A day for justice
Dec. 10: Human Rights Dayby Tim Shenk
Advent is a time when we relive the ancient longing for the Messiah, from Isaiah's mystic prophesies to Mary's exultations in God's goodness and justice.
"He has brought down the powerful from their thrones, and lifted up the lowly," Mary declares in Luke 1:52-53. "He has filled the hungry with good things, and sent the rich away empty."
A theme of radical, social justice runs throughout the salvation story, so it is fitting that during the second week of Advent, people around the world will celebrate an international holiday in honor of human rights.
Human Rights Day, observed Dec. 10, commemorates the adoption of the Universal Declaration of Human Rights by the United Nations General Assembly in 1948.
Coming in response to the horrors of World War II, the declaration was a promise by the world's governments to protect the poor and the oppressed, treat everyone fairly, ensure an adequate standard of living and guarantee freedom of expression and belief, among other things.
The declaration's ideas have since been written into numerous constitutions and treaties, and it serves as the unofficial charter of the worldwide movement for human rights. It calls upon "every individual and every organ of society ... to promote respect for these rights and freedoms."
As Christians, we should celebrate Human Rights Day as an affirmation of God's love and concern for suffering people.
The idea of human rights has deep roots in our faith. From the creation story, we know that human beings are made in God's image and worthy of respect. The prophets taught that the most vulnerable people—the widows, orphans, immigrants and debtors—deserve special consideration and assistance.
The Parable of the Good Samaritan teaches that a righteous person will help any stranger in need. It does not even matter whether you belong to the same group or believe the same thing.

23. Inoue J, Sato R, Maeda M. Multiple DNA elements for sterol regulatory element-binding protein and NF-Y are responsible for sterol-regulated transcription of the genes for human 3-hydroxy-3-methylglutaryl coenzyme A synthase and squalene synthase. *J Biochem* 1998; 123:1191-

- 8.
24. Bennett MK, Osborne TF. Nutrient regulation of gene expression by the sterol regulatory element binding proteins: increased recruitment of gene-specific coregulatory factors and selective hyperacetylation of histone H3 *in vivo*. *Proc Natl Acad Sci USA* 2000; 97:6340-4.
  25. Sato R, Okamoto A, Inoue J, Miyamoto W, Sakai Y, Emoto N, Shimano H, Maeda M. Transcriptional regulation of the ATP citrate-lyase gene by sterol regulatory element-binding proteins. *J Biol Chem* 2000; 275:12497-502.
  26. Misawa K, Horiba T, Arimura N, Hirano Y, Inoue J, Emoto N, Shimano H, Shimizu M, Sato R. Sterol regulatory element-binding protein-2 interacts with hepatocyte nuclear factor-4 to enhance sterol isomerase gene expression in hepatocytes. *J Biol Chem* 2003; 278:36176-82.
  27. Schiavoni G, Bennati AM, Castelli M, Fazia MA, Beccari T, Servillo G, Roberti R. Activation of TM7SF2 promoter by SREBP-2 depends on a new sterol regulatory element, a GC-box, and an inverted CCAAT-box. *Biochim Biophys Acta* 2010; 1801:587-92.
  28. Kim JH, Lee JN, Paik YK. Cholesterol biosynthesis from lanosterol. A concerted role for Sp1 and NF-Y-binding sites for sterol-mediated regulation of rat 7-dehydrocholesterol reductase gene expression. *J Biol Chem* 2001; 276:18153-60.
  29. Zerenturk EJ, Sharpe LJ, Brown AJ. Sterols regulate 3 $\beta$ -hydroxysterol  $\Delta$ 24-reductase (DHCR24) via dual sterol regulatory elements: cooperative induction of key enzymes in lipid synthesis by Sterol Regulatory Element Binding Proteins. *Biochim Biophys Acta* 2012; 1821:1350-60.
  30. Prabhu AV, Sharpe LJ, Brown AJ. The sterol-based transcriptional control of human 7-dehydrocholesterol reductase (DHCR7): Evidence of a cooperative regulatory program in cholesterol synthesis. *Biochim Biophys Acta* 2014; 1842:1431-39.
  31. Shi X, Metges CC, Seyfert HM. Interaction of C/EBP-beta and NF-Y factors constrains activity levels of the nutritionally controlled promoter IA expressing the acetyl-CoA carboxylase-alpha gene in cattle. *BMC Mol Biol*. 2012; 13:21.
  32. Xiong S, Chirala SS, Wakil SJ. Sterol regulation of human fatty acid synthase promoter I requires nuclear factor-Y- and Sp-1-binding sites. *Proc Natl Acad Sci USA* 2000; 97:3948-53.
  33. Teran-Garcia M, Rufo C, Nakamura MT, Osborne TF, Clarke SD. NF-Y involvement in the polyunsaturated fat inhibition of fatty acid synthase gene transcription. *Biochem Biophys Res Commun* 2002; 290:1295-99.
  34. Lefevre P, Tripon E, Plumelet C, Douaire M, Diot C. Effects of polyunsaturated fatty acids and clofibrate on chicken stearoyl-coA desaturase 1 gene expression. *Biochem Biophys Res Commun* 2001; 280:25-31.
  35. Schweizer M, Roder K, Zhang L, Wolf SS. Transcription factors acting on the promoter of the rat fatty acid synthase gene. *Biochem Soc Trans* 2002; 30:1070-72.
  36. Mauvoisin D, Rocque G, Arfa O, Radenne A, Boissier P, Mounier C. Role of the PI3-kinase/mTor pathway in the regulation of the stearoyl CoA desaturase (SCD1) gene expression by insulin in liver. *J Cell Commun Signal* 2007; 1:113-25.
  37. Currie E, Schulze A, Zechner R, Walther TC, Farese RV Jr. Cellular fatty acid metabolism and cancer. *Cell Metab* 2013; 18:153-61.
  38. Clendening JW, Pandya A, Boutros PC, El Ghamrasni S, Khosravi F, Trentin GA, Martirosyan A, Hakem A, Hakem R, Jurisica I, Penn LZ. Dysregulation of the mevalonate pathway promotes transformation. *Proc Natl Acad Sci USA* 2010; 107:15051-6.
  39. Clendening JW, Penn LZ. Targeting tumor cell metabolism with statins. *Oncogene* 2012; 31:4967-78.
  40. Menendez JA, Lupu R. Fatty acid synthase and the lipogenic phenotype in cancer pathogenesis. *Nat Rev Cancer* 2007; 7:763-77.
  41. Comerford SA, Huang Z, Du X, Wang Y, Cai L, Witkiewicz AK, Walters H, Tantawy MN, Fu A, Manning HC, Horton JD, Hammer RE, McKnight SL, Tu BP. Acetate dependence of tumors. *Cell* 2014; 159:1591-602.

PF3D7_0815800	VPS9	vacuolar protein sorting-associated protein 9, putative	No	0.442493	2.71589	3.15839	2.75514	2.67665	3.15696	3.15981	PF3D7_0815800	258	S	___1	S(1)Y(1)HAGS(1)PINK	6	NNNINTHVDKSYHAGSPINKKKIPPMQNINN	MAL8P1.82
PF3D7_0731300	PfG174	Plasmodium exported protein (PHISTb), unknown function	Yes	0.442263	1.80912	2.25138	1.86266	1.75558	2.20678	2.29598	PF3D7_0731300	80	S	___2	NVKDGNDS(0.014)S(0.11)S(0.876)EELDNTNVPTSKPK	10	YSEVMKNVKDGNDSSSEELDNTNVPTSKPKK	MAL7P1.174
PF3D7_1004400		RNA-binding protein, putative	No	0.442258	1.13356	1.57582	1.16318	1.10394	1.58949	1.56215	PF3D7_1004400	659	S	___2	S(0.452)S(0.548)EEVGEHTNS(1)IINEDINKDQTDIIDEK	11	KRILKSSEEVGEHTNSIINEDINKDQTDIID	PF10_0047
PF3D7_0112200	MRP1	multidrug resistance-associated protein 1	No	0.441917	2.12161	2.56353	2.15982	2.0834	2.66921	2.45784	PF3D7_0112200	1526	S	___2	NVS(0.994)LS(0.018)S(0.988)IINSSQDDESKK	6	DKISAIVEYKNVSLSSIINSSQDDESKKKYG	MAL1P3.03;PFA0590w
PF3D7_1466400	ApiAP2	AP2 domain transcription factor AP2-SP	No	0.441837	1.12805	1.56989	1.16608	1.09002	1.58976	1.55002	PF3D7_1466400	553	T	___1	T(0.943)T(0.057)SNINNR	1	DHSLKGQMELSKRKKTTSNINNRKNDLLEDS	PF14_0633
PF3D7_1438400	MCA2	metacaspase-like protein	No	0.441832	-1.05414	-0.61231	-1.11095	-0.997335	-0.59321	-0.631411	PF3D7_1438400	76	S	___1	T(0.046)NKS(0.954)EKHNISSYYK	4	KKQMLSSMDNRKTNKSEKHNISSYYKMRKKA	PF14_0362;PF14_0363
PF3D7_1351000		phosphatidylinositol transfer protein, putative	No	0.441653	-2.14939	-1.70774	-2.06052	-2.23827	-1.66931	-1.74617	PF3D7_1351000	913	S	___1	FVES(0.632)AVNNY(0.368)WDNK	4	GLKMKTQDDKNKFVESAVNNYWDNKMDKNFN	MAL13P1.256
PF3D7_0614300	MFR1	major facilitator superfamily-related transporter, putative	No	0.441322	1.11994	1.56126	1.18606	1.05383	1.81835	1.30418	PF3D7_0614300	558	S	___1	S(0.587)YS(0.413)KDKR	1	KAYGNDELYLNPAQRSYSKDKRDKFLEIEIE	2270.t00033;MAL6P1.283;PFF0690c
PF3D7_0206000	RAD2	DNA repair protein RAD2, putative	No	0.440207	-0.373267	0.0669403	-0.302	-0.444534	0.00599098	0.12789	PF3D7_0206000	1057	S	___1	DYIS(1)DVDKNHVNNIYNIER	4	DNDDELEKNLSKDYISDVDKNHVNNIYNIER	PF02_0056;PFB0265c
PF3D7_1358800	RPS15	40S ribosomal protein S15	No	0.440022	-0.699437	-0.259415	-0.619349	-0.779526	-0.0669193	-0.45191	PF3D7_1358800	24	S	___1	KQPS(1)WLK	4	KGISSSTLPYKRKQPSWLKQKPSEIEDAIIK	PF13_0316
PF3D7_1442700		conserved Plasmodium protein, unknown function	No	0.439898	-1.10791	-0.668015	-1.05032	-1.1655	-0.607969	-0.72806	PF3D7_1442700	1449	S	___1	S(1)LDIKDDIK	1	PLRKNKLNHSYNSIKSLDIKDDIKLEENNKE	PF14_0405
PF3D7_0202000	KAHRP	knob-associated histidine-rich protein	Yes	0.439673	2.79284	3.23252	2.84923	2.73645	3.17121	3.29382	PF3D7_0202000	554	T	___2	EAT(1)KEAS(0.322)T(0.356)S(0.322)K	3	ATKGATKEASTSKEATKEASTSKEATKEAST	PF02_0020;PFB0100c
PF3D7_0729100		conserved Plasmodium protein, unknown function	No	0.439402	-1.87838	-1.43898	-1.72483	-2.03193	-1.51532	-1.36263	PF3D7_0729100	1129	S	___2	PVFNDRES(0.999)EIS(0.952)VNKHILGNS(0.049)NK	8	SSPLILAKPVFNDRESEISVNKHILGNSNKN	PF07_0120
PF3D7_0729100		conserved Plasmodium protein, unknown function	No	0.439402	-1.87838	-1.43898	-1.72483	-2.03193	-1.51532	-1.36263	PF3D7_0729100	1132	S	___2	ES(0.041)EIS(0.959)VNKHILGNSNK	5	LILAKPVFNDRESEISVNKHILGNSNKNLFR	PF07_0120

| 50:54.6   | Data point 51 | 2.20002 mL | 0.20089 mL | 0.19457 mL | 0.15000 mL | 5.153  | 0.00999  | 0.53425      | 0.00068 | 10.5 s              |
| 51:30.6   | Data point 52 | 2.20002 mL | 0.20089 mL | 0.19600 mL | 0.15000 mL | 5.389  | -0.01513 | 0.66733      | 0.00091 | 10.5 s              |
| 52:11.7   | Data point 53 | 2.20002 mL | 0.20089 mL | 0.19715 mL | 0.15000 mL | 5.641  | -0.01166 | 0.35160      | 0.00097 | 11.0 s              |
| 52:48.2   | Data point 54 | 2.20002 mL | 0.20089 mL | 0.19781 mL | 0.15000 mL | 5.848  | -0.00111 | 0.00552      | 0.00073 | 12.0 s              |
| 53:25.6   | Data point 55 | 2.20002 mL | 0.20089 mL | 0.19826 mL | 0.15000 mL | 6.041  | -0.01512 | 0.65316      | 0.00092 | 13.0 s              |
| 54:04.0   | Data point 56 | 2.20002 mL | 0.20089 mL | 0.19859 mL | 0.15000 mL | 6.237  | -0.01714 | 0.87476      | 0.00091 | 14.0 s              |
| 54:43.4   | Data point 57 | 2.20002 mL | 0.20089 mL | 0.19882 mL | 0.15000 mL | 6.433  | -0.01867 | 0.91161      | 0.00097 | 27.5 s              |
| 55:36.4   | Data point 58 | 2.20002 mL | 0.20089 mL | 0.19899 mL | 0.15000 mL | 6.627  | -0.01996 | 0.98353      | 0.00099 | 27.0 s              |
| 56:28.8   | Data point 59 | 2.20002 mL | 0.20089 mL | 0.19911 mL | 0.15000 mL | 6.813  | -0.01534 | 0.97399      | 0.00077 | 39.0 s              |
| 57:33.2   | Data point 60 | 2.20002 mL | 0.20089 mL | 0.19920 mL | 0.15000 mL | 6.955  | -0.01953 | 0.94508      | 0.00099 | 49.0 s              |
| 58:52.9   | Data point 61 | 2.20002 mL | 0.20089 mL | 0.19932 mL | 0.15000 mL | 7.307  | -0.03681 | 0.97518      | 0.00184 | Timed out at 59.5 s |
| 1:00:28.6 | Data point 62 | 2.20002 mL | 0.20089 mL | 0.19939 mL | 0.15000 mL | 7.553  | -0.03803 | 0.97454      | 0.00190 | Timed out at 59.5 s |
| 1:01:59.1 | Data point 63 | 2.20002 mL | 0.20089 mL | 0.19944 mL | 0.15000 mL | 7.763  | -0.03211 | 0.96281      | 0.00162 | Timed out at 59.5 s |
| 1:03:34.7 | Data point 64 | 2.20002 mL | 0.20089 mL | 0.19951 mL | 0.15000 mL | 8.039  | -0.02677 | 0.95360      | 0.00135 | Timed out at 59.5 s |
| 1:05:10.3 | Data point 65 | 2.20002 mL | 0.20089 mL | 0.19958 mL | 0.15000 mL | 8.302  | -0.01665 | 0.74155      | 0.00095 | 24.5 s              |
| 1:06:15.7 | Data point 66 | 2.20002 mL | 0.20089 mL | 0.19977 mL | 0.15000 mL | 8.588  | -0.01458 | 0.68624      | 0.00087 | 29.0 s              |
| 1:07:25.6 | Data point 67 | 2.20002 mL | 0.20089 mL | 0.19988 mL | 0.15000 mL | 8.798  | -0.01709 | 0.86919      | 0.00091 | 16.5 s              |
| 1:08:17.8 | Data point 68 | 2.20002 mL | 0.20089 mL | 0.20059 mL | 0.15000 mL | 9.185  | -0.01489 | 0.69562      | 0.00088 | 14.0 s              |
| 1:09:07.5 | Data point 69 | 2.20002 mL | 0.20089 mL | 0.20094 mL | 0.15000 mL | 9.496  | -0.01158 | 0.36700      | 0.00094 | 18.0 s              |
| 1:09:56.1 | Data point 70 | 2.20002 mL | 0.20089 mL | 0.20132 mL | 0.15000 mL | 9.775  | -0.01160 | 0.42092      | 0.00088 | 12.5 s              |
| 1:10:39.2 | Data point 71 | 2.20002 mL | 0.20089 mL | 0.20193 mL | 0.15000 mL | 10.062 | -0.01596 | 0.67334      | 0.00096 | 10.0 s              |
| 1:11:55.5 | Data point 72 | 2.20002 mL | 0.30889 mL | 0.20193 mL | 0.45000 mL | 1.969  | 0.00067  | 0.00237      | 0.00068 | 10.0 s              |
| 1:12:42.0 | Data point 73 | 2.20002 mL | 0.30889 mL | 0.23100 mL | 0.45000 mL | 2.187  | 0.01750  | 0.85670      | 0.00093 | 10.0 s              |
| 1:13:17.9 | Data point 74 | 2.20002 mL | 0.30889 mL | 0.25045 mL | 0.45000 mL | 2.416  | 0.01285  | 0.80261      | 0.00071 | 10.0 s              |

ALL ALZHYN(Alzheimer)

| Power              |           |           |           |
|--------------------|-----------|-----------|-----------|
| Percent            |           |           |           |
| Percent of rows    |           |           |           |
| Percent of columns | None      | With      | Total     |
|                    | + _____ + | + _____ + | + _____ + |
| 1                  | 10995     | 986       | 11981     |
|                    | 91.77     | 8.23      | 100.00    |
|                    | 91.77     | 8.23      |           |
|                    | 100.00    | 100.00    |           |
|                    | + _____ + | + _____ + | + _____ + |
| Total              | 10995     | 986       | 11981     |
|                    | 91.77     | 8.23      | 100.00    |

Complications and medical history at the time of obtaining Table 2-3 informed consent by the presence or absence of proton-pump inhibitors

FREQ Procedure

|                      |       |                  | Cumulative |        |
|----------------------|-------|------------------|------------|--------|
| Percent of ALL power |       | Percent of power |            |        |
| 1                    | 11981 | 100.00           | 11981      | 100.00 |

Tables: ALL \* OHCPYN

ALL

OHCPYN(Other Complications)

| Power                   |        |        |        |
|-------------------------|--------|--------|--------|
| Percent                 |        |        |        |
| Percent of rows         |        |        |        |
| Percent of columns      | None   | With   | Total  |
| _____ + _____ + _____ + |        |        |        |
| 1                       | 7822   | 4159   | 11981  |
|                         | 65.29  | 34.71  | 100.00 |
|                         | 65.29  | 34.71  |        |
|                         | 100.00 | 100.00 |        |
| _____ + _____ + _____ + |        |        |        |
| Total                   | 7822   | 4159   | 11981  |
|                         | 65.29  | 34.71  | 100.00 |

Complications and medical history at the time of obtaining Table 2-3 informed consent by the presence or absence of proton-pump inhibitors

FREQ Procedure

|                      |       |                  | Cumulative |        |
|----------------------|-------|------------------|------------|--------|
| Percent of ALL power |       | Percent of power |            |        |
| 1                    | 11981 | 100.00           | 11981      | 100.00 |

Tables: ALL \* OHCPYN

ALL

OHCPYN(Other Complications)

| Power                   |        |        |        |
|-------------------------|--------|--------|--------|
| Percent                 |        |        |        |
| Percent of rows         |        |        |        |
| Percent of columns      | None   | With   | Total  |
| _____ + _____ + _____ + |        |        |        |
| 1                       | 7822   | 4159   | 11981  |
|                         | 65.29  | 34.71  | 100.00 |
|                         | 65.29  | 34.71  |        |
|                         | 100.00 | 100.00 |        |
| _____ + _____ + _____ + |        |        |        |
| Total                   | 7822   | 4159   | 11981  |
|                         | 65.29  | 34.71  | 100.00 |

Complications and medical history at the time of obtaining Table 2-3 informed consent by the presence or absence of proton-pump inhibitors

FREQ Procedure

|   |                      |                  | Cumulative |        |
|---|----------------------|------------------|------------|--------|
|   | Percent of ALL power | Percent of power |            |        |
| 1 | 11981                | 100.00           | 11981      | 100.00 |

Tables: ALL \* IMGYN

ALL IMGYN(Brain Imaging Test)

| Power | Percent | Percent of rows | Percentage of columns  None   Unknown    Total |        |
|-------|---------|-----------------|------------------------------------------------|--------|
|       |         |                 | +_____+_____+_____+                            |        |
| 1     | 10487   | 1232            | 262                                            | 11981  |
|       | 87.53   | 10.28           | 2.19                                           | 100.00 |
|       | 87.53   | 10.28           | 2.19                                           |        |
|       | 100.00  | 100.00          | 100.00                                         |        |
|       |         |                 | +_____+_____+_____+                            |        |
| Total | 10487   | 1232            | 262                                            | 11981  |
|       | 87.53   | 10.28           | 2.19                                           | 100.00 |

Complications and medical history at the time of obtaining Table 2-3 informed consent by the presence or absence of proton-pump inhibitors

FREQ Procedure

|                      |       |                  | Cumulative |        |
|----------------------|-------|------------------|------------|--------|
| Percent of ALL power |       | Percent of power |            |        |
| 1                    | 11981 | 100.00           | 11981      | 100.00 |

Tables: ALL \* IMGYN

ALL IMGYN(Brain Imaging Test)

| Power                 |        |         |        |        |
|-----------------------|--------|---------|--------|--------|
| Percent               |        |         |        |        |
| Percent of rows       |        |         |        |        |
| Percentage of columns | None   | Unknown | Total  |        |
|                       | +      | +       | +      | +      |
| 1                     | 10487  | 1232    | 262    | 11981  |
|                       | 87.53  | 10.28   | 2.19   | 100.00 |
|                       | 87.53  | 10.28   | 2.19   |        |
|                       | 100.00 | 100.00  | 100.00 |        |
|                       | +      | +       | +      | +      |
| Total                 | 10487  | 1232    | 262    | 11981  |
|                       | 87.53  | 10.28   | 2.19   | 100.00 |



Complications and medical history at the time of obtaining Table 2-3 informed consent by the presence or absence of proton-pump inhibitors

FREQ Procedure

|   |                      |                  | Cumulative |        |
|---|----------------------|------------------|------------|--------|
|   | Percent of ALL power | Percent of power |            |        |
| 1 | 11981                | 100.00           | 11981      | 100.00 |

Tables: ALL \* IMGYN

But living justly is only part of the divine story. The Bible teaches not only justice but mercy and love. And love, as Paul wrote in 1 Corinthians 13, is the greatest of all spiritual gifts, without which all human efforts are empty and meaningless.
Perhaps this is why governments often fail to respect human rights in practice. Abusive states still imprison thousands of "prisoners of conscience" for no reason other than their beliefs. Massive economic deprivation continues despite the trillions of dollars in the global economy. Even slavery lives on in many forms around the globe.
Our troubled world, as in Isaiah's time, needs a savior. Isaiah prophesied that the Prince of Peace will establish a kingdom "with justice and with righteousness from this time onward and forevermore" (Isaiah 9:7).
As we celebrate Jesus' birth, let us work to change this world according to the justice of his kingdom.
Tim Shenk is a master's degree student of international affairs at Columbia University’s School of International and Public Affairs. He is a member of Manhattan (N.Y.) Mennonite Fellowship.
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